“My kids only take a shower every other day (and) I generally cook for 2 or 3 days at a time so I don’t have to turn the cooker on so much,” she explains.

SPAIN-ENERGY-SOCIAL-POVERTY

Electricity prices in Spain soared by a staggering 72 percent over the last year, one of the highest increases within the European Union. Photo: Oscar del Pozo/AFP

More and more families affected

And there are countless others like her.

“More and more families are struggling to pay their bills” and “have to chose between paying for food or light at the end of the month,” says Sara Casas, head of environmental issues at the Spanish Red Cross.

Last year, Spain’s left-wing government announced a series of tax cuts to try and bring down household bills but even this has not compensated for the huge rise in prices.

According to the UOC, Spain’s largest consumer organisation, the average annual home electricity bill in Spain has risen from 675 euros in 2020 to 949 euros in 2021, a rise of 41 percent.

The previous record jump, in 2018, was 18 percent.

Vulnerable people, such as “single mums with children, older people with a low income and migrants” are particularly badly hit because many “struggle to get benefits because there’s a lot of red tape and you have to bring in a lot of paperwork,” says Casas.

Layering up, homemade heaters

According to an awareness campaign being run by Medicos del Mundo, some 6.8 million of Spain’s 47 million residents are suffering to one degree or another from “energy poverty”.

Such a situation brings with it “a higher risk of suffering from chronic bronchitis, depression and anxiety,” the NGO says.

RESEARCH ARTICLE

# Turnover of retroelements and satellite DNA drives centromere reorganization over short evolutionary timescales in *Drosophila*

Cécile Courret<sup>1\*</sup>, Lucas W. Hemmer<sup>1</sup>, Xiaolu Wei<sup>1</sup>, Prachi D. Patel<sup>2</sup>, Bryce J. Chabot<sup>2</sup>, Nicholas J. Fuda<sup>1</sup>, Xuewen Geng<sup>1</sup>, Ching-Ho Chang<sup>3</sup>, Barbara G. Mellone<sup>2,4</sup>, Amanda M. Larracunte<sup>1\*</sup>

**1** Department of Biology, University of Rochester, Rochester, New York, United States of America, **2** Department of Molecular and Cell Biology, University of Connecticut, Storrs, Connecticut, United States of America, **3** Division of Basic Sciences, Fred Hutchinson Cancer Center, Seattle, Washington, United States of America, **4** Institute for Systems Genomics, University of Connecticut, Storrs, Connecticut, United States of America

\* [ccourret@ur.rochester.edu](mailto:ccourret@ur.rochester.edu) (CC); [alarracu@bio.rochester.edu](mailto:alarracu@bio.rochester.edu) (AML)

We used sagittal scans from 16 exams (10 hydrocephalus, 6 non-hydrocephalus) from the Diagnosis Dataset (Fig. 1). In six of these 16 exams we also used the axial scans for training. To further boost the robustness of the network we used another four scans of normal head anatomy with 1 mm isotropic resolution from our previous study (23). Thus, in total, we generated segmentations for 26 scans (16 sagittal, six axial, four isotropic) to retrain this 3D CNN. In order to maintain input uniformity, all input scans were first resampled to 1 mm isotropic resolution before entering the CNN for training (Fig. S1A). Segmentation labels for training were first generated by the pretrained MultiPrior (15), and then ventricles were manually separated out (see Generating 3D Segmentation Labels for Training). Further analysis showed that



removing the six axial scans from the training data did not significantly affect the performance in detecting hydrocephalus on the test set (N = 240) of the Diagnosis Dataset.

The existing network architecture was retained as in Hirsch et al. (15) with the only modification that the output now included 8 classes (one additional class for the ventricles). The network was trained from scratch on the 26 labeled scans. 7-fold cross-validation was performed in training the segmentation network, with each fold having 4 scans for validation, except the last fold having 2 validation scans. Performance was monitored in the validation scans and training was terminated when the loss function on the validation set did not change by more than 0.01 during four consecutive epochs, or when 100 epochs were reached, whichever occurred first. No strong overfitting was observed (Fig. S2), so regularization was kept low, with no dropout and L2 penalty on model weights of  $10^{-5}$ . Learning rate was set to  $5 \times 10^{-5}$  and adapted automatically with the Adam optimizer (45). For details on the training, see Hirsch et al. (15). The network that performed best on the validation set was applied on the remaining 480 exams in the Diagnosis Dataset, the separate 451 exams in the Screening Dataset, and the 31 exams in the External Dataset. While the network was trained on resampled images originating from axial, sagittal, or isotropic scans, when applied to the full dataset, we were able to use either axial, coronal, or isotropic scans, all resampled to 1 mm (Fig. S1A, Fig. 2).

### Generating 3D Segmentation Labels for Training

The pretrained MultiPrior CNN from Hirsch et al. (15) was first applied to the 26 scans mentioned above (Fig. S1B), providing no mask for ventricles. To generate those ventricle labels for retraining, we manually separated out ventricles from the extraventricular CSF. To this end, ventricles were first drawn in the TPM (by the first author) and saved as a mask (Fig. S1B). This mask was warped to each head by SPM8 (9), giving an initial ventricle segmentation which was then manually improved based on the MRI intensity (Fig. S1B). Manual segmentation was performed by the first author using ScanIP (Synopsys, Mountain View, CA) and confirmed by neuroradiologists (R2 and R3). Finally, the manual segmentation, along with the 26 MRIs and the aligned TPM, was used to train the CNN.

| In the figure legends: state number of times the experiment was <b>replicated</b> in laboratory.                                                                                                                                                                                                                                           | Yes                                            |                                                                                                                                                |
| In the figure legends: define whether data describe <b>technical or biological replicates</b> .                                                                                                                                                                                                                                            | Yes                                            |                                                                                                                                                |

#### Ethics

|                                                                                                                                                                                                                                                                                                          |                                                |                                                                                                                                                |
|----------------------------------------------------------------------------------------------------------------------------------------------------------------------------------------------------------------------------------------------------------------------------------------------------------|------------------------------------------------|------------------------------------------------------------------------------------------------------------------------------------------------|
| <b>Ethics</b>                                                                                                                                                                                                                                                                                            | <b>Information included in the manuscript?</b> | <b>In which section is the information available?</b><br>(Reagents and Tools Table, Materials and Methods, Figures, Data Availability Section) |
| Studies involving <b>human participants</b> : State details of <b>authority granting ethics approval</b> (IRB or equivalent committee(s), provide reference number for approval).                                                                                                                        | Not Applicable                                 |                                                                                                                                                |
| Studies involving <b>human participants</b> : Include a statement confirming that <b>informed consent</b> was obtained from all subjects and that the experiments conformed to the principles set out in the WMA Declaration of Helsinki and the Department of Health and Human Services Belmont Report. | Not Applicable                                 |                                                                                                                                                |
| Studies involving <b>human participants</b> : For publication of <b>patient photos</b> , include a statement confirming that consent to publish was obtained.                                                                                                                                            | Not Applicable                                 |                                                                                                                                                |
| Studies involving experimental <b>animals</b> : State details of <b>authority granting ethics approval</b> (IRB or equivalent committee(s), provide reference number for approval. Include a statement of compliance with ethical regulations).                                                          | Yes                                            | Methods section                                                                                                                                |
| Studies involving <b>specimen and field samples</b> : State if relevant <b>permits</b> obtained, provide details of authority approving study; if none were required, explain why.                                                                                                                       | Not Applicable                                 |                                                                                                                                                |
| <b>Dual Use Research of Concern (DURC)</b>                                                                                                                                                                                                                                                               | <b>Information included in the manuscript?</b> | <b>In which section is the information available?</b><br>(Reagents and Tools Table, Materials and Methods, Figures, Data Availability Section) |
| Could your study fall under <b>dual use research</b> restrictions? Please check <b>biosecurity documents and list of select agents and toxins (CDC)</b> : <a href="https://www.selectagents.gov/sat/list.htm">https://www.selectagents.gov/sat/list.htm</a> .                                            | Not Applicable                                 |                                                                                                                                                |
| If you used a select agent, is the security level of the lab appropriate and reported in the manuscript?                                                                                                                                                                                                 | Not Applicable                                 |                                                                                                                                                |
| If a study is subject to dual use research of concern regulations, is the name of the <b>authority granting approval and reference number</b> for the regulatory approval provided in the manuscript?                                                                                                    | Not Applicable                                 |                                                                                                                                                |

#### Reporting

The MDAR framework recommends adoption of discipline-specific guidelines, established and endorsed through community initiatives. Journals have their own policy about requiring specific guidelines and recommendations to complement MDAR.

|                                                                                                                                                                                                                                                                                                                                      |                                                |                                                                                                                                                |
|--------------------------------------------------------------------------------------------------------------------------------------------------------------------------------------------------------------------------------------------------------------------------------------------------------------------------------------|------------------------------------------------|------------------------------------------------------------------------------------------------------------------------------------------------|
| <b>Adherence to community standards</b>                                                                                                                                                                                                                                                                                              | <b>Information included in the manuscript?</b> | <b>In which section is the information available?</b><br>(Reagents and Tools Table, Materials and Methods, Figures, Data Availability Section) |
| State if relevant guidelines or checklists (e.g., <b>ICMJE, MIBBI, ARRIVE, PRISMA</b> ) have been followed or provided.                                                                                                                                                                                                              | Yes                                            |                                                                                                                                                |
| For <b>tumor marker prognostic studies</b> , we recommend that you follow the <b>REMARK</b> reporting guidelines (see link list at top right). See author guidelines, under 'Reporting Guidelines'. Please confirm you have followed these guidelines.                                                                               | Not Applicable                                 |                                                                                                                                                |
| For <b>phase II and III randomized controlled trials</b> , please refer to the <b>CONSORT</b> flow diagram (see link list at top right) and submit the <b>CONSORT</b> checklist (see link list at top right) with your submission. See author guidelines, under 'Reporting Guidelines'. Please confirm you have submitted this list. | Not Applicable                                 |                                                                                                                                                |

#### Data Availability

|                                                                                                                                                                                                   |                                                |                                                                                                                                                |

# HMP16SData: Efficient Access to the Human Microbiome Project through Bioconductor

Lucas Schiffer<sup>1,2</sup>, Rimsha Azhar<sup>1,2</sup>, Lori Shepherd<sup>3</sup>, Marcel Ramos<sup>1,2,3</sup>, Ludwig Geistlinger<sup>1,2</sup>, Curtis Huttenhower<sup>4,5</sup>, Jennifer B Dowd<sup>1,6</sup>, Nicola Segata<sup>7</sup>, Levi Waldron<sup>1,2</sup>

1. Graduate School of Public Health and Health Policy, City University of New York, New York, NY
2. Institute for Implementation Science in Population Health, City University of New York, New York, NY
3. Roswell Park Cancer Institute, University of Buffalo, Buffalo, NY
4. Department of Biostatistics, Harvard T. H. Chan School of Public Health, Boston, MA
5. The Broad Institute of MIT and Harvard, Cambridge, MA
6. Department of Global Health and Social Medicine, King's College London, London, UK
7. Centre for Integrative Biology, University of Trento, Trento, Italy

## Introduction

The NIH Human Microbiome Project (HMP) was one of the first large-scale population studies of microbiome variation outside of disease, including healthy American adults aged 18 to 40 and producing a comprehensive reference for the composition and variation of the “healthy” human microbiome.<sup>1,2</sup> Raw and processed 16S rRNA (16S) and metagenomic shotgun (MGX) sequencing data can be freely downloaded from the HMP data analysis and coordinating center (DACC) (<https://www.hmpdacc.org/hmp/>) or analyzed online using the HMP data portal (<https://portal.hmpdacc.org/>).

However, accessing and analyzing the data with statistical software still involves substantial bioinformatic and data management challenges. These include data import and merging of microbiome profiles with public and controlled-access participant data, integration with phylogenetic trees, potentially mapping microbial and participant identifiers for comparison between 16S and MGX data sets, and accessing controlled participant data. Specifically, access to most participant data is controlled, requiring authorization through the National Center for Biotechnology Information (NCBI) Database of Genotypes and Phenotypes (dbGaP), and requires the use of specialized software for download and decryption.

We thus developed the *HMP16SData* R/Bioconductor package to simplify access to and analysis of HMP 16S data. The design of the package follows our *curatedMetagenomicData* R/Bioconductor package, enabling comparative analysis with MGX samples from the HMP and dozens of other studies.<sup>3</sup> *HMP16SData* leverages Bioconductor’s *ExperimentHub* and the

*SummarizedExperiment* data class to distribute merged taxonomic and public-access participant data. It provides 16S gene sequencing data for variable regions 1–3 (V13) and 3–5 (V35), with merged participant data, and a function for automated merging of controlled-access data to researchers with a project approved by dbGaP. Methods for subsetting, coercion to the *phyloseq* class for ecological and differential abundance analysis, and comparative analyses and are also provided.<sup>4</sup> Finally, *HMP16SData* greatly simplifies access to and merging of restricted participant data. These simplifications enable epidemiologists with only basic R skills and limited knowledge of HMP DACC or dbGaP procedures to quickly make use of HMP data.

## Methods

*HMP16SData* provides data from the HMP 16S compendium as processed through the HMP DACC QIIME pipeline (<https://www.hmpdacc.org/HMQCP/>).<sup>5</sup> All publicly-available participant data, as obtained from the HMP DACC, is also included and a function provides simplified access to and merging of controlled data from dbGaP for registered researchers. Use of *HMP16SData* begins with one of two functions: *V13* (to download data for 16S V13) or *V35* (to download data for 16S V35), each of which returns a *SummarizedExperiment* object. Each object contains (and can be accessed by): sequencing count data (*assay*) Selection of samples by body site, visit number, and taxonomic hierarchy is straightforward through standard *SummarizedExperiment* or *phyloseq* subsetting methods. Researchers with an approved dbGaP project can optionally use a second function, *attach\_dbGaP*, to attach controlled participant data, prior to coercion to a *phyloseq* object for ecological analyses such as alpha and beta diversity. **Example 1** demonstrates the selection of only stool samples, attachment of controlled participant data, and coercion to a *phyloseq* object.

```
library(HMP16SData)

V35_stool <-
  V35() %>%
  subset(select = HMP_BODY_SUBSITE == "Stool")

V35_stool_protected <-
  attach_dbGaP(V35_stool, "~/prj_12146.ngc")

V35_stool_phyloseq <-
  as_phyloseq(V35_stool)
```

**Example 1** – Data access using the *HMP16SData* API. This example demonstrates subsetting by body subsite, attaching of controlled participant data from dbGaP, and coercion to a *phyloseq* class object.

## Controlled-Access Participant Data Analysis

One of those struggling is Raul, a 55-year-old computer technician who lives with his wife, daughter and 82-year-old mother-in-law in the
northwestern city of A Coruña.

“Whenever we turn something on, we have to think about how much the bill will go up,” says Raul who hasn’t worked since suffering a stroke in March 2021, with the family living off his wife’s salary.

“My neurologist told me I should avoid stress but it’s very difficult when you don’t know if you’re going to be able to pay next month’s bills,” he says, admitting they have barely switched on the heating this winter, despite the cold and the humidity.

“We bought a heated blanket for my mother-in-law” and “inside the house, I always wear lots of jumpers or coats,” he says.

He has also been trying to cobble together a home-made heater.

“It’s a temporary solution,” shrugs Raul, who says he is keeping his fingers crossed “that the prices will eventually come down”.